Carrie MorrisFrom origins of exploited free labor from enslaved Africans to the eery connection between profit over people and corporate greed, the US education system is a white supremacist technology, tool, and weapon that interconnects and maintains a tradition to colonial orders of the status quo. The violence of the U.S. education system has operated for decades by upholding white settler colonial interests in exploiting the labor of African communities around the world, fueling student complacency through a neo-liberal agenda that promotes economic mobility through class traitor politics as a unsustainable tactic to shift the material conditions of African people. This global system of power that threatens the path to Black liberation is also mirrored as a blueprint for universities around the world. This article is a call out to institutions of higher education for being byproducts of racialized terror who are actively working to maintain socio political domination through white-supremacist modalities. The examples used in the article will speak to the complexities and insidious bourgeois agenda setting in US institutions, through Black historical scholarship and contemporary scholarship, and visible in Historical Black Colleges and Universities (HBCUs).
Black upward mobility began as a tactic to shift the conditions of Black life in America but has consistently led to the prioritizing of white capital interests, becoming African greed, juxtaposed to moving towards Black liberation efforts. Many Black leaders have promoted Black intellectualism through legitimacy in academic education spaces. Still, this tactic towards Black upward mobility is not a powerful strategy if our genuine desire is global African liberation. Early Black exceptionalism rhetoric and politics in media and popular culture instilling a continuum of misogynoir and respectability politics impacts public interests through American exceptionalism propaganda. Much of the general desire toward Black economic mobility has always been rooted in white supremacy centered ideologies like respectability politics and agenda-setting propaganda that portrayed Africa as a poor and under resourced continent, when we know Africa to be a place of abundant resources and the birthplace of white obsessions like coffee. Throughout curriculums the Black radical thought an African global solidarity praxis felt hidden and in opposition of the American dream. This continued strategy for Black communities to escape racial terror by exploitative economic wealth practices like capitalism promotes a neo-liberal solution that centers Black middle-class communities as neutral and exempt from the harms of racial violence from centuries of exploitation beginning in African countries from white colonizers who even now continue to leave the people and land exploited. Governments worldwide use international-military practices, exploited labor, theft of resources, and white supremacy agenda-riden education systems that reinforce Black violence. Imperialist propaganda like ROTC (reserve officers’ training corps) programs and military recruitment on high school and college campuses target Black and Brown (non-Black Latinx) communities to support one of the largest polluters in the world, the United States of America military. This continued fight for economic validation in Black communities continues through the idea of educational mobility, to push Black youth to accumulate hoards of debt, even though campuses continue to be contention spaces of racism and violence.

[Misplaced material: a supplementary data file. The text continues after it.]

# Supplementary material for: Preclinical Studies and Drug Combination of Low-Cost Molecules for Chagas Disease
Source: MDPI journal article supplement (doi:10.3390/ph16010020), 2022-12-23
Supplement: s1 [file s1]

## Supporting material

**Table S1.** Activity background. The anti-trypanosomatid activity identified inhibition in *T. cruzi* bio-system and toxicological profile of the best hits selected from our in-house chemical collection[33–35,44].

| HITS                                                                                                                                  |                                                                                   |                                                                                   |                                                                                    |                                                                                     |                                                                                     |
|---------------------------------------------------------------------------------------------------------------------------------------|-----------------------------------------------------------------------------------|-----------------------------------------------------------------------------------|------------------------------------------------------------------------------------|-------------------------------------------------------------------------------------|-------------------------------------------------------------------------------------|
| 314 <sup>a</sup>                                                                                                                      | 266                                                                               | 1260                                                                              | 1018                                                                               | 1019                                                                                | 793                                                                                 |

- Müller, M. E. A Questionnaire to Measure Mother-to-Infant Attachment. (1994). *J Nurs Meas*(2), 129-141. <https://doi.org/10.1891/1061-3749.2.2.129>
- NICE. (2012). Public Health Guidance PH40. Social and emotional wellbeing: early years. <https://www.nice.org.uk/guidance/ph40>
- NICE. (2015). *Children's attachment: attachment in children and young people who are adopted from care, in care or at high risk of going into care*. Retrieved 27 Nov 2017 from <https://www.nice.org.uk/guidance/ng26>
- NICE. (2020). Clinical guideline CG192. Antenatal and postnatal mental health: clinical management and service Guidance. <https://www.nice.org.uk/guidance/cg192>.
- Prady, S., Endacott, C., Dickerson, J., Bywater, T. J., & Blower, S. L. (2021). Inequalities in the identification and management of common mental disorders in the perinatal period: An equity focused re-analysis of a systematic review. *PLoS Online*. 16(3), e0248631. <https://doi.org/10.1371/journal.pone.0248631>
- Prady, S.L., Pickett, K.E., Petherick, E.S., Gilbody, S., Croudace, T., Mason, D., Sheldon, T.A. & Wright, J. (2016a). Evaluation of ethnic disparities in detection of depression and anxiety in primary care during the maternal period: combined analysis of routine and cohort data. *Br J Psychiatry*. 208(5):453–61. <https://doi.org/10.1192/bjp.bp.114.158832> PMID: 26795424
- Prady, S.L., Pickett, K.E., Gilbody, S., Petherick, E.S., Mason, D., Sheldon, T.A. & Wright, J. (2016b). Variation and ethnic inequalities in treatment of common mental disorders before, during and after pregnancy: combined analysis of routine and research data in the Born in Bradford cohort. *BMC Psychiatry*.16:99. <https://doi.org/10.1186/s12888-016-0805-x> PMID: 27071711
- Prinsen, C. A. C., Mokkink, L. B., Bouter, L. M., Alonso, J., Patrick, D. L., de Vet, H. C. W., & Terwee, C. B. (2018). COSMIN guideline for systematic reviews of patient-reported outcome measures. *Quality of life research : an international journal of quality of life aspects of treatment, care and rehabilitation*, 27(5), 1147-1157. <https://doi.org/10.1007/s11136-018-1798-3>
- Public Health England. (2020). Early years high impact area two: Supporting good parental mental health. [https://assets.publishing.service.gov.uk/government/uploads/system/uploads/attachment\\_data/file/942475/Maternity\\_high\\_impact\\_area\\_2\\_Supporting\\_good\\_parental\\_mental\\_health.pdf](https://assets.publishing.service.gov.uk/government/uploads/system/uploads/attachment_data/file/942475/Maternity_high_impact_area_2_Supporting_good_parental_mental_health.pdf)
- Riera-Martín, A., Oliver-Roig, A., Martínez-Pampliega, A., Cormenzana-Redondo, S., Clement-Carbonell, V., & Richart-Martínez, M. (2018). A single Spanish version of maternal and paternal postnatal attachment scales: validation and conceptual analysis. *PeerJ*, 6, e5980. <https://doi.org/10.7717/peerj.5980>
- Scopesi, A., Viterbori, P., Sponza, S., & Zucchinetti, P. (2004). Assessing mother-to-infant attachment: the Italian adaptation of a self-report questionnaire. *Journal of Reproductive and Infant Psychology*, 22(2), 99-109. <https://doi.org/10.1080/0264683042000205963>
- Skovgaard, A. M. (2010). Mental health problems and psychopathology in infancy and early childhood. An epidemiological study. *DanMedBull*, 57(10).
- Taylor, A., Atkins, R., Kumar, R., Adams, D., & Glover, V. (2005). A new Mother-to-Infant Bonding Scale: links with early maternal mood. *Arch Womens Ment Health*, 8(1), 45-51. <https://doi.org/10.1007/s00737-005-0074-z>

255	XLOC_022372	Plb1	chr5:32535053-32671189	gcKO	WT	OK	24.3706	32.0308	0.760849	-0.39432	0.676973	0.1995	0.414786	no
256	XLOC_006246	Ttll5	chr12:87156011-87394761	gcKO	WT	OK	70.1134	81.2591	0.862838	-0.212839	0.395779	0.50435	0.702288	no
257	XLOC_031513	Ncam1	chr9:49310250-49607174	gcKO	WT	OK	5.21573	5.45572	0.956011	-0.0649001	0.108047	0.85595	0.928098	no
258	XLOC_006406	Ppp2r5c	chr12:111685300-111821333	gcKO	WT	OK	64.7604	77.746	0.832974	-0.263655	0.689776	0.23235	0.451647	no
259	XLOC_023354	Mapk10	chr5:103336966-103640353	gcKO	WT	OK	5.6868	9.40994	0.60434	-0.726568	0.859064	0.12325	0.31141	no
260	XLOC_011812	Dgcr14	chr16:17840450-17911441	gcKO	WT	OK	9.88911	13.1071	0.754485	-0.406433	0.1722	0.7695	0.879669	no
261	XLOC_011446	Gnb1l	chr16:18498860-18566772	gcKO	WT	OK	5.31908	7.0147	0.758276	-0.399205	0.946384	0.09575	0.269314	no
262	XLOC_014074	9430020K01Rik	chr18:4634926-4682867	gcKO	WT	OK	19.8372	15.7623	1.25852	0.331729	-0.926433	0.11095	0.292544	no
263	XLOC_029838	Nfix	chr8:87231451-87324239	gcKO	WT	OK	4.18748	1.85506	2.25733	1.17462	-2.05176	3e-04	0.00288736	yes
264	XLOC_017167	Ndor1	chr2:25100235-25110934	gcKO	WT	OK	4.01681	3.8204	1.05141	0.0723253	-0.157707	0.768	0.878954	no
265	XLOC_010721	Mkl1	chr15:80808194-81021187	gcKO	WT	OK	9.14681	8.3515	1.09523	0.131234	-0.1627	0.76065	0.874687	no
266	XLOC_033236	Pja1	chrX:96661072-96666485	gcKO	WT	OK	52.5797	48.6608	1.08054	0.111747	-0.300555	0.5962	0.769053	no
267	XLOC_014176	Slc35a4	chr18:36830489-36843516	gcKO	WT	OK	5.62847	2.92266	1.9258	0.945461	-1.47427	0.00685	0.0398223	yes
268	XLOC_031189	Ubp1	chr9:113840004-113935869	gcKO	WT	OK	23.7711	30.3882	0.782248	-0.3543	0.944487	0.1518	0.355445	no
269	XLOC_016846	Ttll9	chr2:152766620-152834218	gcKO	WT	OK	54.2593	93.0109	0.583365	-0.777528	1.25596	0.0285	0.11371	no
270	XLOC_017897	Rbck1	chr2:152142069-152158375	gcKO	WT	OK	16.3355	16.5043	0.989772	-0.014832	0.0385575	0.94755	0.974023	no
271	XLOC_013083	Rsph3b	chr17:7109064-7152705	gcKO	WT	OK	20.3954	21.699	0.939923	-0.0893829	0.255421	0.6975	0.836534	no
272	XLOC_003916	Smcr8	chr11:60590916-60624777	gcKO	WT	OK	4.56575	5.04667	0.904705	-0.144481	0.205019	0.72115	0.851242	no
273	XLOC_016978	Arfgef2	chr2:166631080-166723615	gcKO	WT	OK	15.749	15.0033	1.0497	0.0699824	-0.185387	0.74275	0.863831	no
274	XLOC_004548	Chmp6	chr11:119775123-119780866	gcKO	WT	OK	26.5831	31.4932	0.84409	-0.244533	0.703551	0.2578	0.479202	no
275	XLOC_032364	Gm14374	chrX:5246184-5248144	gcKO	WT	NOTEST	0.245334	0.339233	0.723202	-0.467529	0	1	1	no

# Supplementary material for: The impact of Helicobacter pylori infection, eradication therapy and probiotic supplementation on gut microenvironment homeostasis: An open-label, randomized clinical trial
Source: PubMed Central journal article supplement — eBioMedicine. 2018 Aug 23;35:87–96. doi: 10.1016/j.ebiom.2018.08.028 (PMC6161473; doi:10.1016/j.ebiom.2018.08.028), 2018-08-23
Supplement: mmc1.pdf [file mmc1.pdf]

This essay is not stating that institutions like historically Black colleges and universities have not at all impacted our radical politics and fight towards Black liberation. Gloria Richardson, a former member of SNCC, Kwame Ture, *the architect of the term “Black Power”, and Toni Morrison all attended Howard University and have been monumental to Black radical thought and radical imagination. But their radical efforts existed as less than the majority of the masses. Instead, this essay is a call to action for professors, students, and administration to do some internal reflections, urge classes to study, and develop communism education models, while many others should disdain and relinquish their wealth and spaces to African liberation efforts. Academic spaces, especially those who make claims to promote diversity and inclusion, should interrogate their own policies from academic probation to zoom structures which promote exclusivity and ableism and see the very apparent resemblance in violent white supremacy practices that include stifling the efforts of African solidarity through abusive practices.